The truth is probably somewhere in the middle: sales are mixed; not as successful as Nokia and Microsoft would have hoped but better than the dire scenario presented above. Lumia phones are coming to the US early next year. However it will take a herculean effort to get consumers to turn away from Android and iPhones (though some survey evidence suggests many US consumers are open to Windows Phones).
My prediction is that a year from now Nokia and Microsoft will have improved their respective positions somewhat but not dramatically. Nokia will be compelled to consider building a few Android handsets and Microsoft might have to look again at RIM as a way to gain market share. For its part, RIM will have to look at developing Android handsets itself (and perhaps experimenting with WebOS) to supplement BlackBerry 10.
Regardless, the outlook for RIM is fairly bleak. In the end the company will probably have to sell itself. And at the moment the outlook for Nokia and Microsoft's Lumia phones is not terribly much brighter (at least from what we can tell at this point).
Millennial Media is out this morning with its latest "Mobile Mix" devices report. The report reflects the distribution of devices and corresponding operating systems on Millennial's network. Over time the percentage of smartphones on Millennial's network has grown dramatically and now stands at 70%. By contrast smartphone penetration in the US is about 44% according to the latest Nielsen figures. The other 30% of devices on the Millennial network are feature phones (14%) and so-called "connected devices" (16%): iPod Touches, Kindles, iPads and other tablets.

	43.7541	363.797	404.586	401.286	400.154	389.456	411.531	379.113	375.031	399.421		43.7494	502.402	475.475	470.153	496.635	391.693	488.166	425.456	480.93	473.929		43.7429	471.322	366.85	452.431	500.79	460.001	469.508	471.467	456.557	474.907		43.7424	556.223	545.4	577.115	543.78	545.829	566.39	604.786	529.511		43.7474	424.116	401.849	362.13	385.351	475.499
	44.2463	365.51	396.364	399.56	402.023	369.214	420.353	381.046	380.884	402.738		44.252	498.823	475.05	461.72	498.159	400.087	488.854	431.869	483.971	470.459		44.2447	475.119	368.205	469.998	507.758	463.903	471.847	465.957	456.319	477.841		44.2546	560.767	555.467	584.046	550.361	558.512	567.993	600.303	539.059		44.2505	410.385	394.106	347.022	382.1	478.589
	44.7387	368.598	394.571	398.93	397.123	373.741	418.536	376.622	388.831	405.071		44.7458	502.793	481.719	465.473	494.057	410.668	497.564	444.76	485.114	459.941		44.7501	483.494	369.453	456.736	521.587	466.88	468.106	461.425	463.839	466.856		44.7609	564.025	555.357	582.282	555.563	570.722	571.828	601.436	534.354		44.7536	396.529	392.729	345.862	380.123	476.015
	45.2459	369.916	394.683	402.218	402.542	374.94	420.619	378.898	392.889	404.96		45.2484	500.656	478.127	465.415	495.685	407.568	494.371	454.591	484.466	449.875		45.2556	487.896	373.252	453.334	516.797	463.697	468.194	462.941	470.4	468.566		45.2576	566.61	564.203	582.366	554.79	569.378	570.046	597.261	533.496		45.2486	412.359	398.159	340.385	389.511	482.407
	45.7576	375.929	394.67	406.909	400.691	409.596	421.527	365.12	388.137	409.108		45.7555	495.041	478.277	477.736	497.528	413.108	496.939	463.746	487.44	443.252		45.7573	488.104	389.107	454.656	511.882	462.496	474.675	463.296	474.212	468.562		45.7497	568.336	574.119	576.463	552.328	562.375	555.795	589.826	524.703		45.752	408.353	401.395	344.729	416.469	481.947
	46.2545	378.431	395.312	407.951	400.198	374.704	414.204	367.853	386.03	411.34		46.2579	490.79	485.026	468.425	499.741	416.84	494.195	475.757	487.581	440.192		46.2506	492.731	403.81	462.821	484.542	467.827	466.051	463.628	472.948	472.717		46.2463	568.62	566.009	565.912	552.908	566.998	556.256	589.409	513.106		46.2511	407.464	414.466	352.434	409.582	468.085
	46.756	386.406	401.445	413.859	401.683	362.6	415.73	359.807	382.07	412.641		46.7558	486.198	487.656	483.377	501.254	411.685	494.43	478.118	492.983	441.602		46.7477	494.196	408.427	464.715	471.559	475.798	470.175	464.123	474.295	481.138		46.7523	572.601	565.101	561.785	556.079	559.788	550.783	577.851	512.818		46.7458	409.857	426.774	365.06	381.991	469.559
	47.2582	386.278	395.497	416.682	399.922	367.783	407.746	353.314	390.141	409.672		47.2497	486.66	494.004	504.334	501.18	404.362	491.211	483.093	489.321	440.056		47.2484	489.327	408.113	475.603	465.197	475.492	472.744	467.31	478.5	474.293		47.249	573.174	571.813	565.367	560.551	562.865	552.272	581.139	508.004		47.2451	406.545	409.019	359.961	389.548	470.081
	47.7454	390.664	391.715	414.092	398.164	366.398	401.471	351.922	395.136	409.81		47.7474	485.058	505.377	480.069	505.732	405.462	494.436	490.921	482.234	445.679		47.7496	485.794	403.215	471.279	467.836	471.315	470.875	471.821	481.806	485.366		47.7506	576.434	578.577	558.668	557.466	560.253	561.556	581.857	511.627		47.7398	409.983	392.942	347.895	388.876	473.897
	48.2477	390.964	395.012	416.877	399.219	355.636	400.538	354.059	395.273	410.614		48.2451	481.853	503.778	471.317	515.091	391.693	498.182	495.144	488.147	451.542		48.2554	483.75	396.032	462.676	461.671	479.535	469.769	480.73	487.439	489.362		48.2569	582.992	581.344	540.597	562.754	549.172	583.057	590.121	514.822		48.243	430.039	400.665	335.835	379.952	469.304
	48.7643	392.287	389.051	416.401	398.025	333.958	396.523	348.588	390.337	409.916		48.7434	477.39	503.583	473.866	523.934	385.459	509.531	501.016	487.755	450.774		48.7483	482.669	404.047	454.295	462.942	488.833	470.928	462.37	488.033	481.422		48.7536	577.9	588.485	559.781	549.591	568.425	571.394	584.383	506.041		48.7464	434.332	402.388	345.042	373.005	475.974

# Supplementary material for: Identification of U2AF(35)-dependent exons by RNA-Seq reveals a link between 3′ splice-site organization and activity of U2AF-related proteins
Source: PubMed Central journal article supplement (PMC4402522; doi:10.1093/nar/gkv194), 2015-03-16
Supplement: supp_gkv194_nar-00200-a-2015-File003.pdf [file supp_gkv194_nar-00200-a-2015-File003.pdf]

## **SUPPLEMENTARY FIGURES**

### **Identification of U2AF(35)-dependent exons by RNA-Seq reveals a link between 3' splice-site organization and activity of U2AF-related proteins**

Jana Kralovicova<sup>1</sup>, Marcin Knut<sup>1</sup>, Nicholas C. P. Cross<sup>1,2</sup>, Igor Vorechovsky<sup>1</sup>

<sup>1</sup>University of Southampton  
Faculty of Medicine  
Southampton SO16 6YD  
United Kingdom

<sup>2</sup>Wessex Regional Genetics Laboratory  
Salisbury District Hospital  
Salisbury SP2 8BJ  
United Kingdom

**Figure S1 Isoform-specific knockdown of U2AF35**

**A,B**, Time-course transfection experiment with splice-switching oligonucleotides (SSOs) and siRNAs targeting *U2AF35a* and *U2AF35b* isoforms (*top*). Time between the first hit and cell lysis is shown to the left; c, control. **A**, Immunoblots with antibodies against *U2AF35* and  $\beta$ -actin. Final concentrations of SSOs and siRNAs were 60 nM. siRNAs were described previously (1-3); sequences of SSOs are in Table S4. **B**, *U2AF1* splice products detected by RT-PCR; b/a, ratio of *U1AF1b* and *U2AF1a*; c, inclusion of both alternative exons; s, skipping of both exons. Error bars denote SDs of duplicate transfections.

Connected devices are the main focus of Millennial's newsletter this time, in particular the Kindle Fire. Millennial confirms the popularity and apparently significant sales of the Kindle Fire, saying that the company is seeing a "monthly run rate of hundreds of millions of impressions":
Since its release in mid-November, the Kindle Fire has made an impact on the connected device market right out of the gate with early signs of strong consumer adoption.